When birds of diverse feathers flock together

Six hours a day during weekends, Pavendhan and his fellow birders scour woods and jot down details to build a massive avian database. Their spadework helped Kovai to be front-runner in conservation data
A Pavendhan
A Pavendhan (Photo | Express)

COIMBATORE: The Blyth’s Reed Warbler, not bigger than a feathered thimble, bobs its flat forehead as it pierces its darktipped bill through the wind to undertake an arduous journey. The warbler requires no GPS; it embarks on a natural odyssey using the stars. Its path begins in the northern part of Eurasia, soars down in a straight line across the southern part of India, and finally settles into a wetland reed in the lush tropics of Coimbatore.

“About 13 centimetres long, weighing around 10 grams, the petite bird travelled more than 3,000 kilometres!” says A Pavendhan (57), a member of Coimbatore Nature Society and president of The Nature and Butterfly Society (TNBS). His team was credited with forming the first checklist for butterflies in the state. A native of Kattumannarkoil in the Cuddalore district, Pavendhan is an Associate Dean at Kumaraguru College of Technology (KCT).

Pavendhan stumbled upon bird watching in his early 40s after he came across an article on migratory birds in Coimbatore. His curiosity was piqued—how could such a tiny creature travel from one corner of the world to Coimbatore? Unable to shake off the inquisitiveness, he picked up an old Sony telephoto lens camera and travelled to the nearby wetlands daily with his kids to observe the birds and started recording every species he came across.

“As my species list hit 200, I had a rather accidental meeting with the Coimbatore Nature Society (CNS), which was taking a census of birds in the Singanallur wetlands. My sons encouraged me to talk to them,” he said. Since then, Pavendhan has been an active member of the organisation formed by R Selvaraj along with six others for bird conservation. The team sets out on bird and butterfly watching every weekend, spending a minimum of six hours a day, noting down data for analysis. This tryst soon led to a fruitful association of over a decade where they would go birding every week, “neither the rains nor the elections” stopped them. He soon realised that there was no exact data about the number of species, butterfly migration, and other aspects until then.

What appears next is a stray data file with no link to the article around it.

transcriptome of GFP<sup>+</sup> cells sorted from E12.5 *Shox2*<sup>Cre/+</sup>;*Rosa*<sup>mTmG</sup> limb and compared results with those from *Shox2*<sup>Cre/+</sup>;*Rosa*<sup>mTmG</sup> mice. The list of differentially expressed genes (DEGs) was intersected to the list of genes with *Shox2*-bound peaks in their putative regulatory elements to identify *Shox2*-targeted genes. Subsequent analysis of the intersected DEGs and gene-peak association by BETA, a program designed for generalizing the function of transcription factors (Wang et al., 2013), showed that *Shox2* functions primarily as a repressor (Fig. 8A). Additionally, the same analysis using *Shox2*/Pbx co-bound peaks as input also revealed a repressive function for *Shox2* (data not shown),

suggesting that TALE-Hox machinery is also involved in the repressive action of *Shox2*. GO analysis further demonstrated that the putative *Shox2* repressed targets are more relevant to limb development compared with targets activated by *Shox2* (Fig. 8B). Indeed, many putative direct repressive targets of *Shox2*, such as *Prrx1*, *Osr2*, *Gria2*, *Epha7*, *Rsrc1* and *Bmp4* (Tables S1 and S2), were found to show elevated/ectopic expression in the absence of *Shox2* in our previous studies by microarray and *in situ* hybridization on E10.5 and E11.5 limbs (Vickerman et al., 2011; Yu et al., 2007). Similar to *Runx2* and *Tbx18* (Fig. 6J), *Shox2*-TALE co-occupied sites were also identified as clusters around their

Hence, Pavendhan decided to start formulating them into data collection. With his active participation, CNS released its first checklist on bird census in 2015 with 321 species. Periodically, they revise the checklist after confirming the identification of new species. Pavendhan is also the lead author of Birds of Coimbatore – First Edition (2016) and its second edition (2021). In the conservation of birds and butterfly databases, Coimbatore is the front-runner in the state due to the voluntary efforts of Pavendhan and his associates.

Pavendhan, coupled with the Tamil Nadu Forest Department, came up with a Synchronised Bird Census at the Tamil Nadu level. He is one of the coordinators of the work. Every year, he works along with CNS to conduct a water bird census in January and a terrestrial bird census in March. In 2015, TNBS released the first checklist that recorded 326 species of butterflies in Tamil Nadu.

He played the main role in the data collection work, which is a great help to the government authority, especially the forest department, for their role in protecting the insects. Now, TNBS has recorded a total of 329 species so far in the state. Along with the Sathyamangalam Tiger Reserve (STR) in the Erode district, TNBS conducted an observation of butterflies in the forest cover and released a book in Tamil and English in 2018 – 2019. Pavendhan was the main author of the work.

“Conservation of butterflies and birds is part of protecting biodiversity and the ecosystem. The conservation mainly includes three parts: (i) Fundamental Data Collection— gathering details of the prevalence of species, endangered species, rare species, their living locations and nests, etc.; (ii) Plan for protection of the species; and (iii) Execution. The second and third parts come under the purview of the government authorities, and they may include volunteers like us for the purpose. We predominantly work for fundamental data collection and analysis of species in order to simplify the work for the government authorities,” he told TNIE.

Post collection, the data is handed over to the forest department officials and local bodies, which would then take steps for conservation. Apart from fieldwork for data collection on butterflies and birds, he also educates students about the conservation work of insects. TNBS has been distributing butterfly checklists to government schools in a book format for free in order to raise awareness of butterflies among school students.

“My passion for observing birds has taken me to several parts of India, including the North East. These creatures will always keep fascinating me,” he said. Wordsworth rightly put it 222 years ago on the kinship between creatures of flight and man.

“Here rest your wings when they are weary;

Sit near us on the bough!

We’ll talk of sunshine and of song”

(Edited by Mary Catherene

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